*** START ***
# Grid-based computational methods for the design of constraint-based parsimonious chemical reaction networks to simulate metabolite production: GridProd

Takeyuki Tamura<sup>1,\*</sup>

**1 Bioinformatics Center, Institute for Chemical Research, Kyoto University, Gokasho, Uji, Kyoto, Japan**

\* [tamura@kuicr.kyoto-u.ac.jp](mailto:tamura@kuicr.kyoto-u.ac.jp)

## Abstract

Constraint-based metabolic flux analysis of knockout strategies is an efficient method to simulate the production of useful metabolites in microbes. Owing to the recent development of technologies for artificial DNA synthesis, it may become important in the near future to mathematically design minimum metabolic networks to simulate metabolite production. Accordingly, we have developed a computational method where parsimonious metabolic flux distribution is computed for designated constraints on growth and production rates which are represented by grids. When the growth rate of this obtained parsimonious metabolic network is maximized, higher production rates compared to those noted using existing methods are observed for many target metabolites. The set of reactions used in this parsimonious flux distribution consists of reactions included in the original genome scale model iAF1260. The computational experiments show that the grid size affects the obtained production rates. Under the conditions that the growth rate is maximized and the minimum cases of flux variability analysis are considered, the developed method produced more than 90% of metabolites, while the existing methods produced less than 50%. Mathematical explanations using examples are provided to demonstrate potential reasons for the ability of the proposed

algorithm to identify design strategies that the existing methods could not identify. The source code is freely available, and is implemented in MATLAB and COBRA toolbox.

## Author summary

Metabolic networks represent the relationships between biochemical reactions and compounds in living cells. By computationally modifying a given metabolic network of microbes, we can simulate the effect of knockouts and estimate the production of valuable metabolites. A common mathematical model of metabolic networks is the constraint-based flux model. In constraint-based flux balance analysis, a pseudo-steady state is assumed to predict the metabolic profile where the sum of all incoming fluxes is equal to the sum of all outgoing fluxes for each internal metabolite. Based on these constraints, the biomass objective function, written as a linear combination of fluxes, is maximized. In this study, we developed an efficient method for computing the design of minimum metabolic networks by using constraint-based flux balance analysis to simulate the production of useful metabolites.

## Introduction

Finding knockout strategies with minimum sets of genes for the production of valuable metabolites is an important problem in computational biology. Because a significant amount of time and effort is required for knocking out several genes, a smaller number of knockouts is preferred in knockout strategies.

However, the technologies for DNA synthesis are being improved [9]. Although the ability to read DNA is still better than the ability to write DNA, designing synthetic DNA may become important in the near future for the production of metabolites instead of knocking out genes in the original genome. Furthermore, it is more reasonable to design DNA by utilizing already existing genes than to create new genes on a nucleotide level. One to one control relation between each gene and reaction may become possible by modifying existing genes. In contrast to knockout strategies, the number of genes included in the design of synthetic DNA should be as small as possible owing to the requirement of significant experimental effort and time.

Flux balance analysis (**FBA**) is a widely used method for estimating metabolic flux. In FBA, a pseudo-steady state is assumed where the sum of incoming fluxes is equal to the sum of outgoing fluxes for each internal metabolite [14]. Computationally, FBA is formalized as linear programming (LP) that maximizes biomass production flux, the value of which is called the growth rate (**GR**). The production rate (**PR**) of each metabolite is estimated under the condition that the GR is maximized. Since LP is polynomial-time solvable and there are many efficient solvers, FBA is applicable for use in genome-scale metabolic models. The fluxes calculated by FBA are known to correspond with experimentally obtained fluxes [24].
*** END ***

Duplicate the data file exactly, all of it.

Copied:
# Grid-based computational methods for the design of constraint-based parsimonious chemical reaction networks to simulate metabolite production: GridProd

Takeyuki Tamura<sup>1,\*</sup>

**1 Bioinformatics Center, Institute for Chemical Research, Kyoto University, Gokasho, Uji, Kyoto, Japan**

\* [tamura@kuicr.kyoto-u.ac.jp](mailto:tamura@kuicr.kyoto-u.ac.jp)

## Abstract

Constraint-based metabolic flux analysis of knockout strategies is an efficient method to simulate the production of useful metabolites in microbes. Owing to the recent development of technologies for artificial DNA synthesis, it may become important in the near future to mathematically design minimum metabolic networks to simulate metabolite production. Accordingly, we have developed a computational method where parsimonious metabolic flux distribution is computed for designated constraints on growth and production rates which are represented by grids. When the growth rate of this obtained parsimonious metabolic network is maximized, higher production rates compared to those noted using existing methods are observed for many target metabolites. The set of reactions used in this parsimonious flux distribution consists of reactions included in the original genome scale model iAF1260. The computational experiments show that the grid size affects the obtained production rates. Under the conditions that the growth rate is maximized and the minimum cases of flux variability analysis are considered, the developed method produced more than 90% of metabolites, while the existing methods produced less than 50%. Mathematical explanations using examples are provided to demonstrate potential reasons for the ability of the proposed

algorithm to identify design strategies that the existing methods could not identify. The source code is freely available, and is implemented in MATLAB and COBRA toolbox.

## Author summary

Metabolic networks represent the relationships between biochemical reactions and compounds in living cells. By computationally modifying a given metabolic network of microbes, we can simulate the effect of knockouts and estimate the production of valuable metabolites. A common mathematical model of metabolic networks is the constraint-based flux model. In constraint-based flux balance analysis, a pseudo-steady state is assumed to predict the metabolic profile where the sum of all incoming fluxes is equal to the sum of all outgoing fluxes for each internal metabolite. Based on these constraints, the biomass objective function, written as a linear combination of fluxes, is maximized. In this study, we developed an efficient method for computing the design of minimum metabolic networks by using constraint-based flux balance analysis to simulate the production of useful metabolites.

## Introduction

Finding knockout strategies with minimum sets of genes for the production of valuable metabolites is an important problem in computational biology. Because a significant amount of time and effort is required for knocking out several genes, a smaller number of knockouts is preferred in knockout strategies.

However, the technologies for DNA synthesis are being improved [9]. Although the ability to read DNA is still better than the ability to write DNA, designing synthetic DNA may become important in the near future for the production of metabolites instead of knocking out genes in the original genome. Furthermore, it is more reasonable to design DNA by utilizing already existing genes than to create new genes on a nucleotide level. One to one control relation between each gene and reaction may become possible by modifying existing genes. In contrast to knockout strategies, the number of genes included in the design of synthetic DNA should be as small as possible owing to the requirement of significant experimental effort and time.

Flux balance analysis (**FBA**) is a widely used method for estimating metabolic flux. In FBA, a pseudo-steady state is assumed where the sum of incoming fluxes is equal to the sum of outgoing fluxes for each internal metabolite [14]. Computationally, FBA is formalized as linear programming (LP) that maximizes biomass production flux, the value of which is called the growth rate (**GR**). The production rate (**PR**) of each metabolite is estimated under the condition that the GR is maximized. Since LP is polynomial-time solvable and there are many efficient solvers, FBA is applicable for use in genome-scale metabolic models. The fluxes calculated by FBA are known to correspond with experimentally obtained fluxes [24].